Ever wished you could show someone a complicated idea rather than explain it with words alone? When you’re an organization as complex as the U.S. Navy, clearly conveying engineering processes and managerial structures can be a challenge. Scott Williams, former deputy CIO at NAVAIR, discovered a solution as he helped coordinate the Navy’s supply of airplane parts and weapons: by translating their technical information into a graphic, he brought the puzzle together in a “big picture” manner that’s simple to understand.
That experience inspired Williams to found Maga Design, a consulting firm that helps clients analyze and streamline processes and then creates a visual map to explain them. Ten of the Washington, D.C.-based company’s 45 employees work from a satellite office in Mount Pleasant, established in 2011 to support Maga’s work with the Navy’s SPAWAR branch in North Charleston.
However, Maga doesn’t just work with the military. They’ve mapped PepsiCo’s production and supply chain process and helped the National Geographic Society better leverage relationships between editorial and sponsored researchers and explorers. Closer to home, they’ve created a pro-bono digital inventory and distribution map for the Lowcountry Food Bank.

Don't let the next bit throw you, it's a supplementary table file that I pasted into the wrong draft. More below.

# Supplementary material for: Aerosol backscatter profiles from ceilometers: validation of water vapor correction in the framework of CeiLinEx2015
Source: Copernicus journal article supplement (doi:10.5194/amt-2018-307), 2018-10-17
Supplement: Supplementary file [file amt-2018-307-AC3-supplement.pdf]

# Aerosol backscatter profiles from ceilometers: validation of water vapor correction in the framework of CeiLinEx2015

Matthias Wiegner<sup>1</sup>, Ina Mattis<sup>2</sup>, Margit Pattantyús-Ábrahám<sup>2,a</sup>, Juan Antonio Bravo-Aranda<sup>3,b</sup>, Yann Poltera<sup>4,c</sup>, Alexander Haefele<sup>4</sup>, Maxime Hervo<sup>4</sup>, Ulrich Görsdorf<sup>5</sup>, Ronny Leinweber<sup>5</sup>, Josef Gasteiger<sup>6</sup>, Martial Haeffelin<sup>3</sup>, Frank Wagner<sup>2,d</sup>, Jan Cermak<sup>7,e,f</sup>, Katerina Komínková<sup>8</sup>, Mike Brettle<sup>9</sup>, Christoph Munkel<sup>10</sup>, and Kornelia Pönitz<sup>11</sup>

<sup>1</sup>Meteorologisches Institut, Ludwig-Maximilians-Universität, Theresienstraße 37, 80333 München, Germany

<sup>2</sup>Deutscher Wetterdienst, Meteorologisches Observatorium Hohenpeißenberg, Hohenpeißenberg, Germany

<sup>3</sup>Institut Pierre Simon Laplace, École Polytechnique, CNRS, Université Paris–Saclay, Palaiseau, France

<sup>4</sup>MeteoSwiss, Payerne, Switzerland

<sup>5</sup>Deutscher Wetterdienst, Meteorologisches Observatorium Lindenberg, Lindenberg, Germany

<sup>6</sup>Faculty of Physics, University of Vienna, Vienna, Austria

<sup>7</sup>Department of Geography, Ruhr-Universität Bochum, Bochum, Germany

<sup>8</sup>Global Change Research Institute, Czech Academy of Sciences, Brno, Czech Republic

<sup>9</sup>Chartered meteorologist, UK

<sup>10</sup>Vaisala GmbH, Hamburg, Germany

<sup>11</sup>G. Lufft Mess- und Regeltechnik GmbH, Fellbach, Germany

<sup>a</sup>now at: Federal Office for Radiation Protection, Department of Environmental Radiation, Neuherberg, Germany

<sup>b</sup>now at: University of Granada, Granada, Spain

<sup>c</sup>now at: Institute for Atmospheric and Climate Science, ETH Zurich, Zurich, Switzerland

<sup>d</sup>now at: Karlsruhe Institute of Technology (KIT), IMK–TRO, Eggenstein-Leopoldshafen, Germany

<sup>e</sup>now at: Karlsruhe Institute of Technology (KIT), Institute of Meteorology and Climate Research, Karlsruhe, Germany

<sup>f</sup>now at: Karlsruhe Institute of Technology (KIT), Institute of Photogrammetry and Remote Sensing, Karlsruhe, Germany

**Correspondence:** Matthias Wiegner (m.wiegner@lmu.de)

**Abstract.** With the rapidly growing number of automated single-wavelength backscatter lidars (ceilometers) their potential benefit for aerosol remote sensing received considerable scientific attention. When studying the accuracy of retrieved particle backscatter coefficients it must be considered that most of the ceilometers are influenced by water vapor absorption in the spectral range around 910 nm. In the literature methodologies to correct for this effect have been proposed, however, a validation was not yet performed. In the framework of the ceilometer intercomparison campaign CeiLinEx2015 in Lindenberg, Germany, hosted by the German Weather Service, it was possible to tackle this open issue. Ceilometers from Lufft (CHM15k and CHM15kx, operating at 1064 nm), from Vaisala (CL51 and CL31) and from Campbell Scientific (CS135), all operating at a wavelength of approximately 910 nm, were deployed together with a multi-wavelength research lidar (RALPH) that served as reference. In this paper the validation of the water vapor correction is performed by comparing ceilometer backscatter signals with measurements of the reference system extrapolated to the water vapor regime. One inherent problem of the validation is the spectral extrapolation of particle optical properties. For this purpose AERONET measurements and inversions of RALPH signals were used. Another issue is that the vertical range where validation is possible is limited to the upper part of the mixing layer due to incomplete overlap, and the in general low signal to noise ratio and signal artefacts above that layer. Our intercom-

Currently, Maga’s helping the U.S. Postal Service reinvent itself amidst an e-powered world. “We’re half management consulting, half visualization,” explains Rachel Link, Maga’s director of client services. “We’re helping them reimagine what the next generation of the USPS can provide to the American taxpayer.”
Keys to Success
Maga Design finds the sweet spot between corporate management and art, creating visuals that simplify complicated business relationships and processes. According to Rachel Link, a perfect Maga map contains three key factors:
➼ The human element: Computers now handle many jobs formerly done by people—an effective map emphasizes the importance of each employee’s role in the tech-based system.
➼ Humor: Business is about human relationships, which are stronger when the map’s tone is approachable and light-hearted.
➼ Whole-brain thinking: Use both quantitative and qualitative data and anecdotal storytelling techniques to communicate. “Leverage both sides of the brain to tell a comprehensive story that will resonate with many types of audiences,” says Link.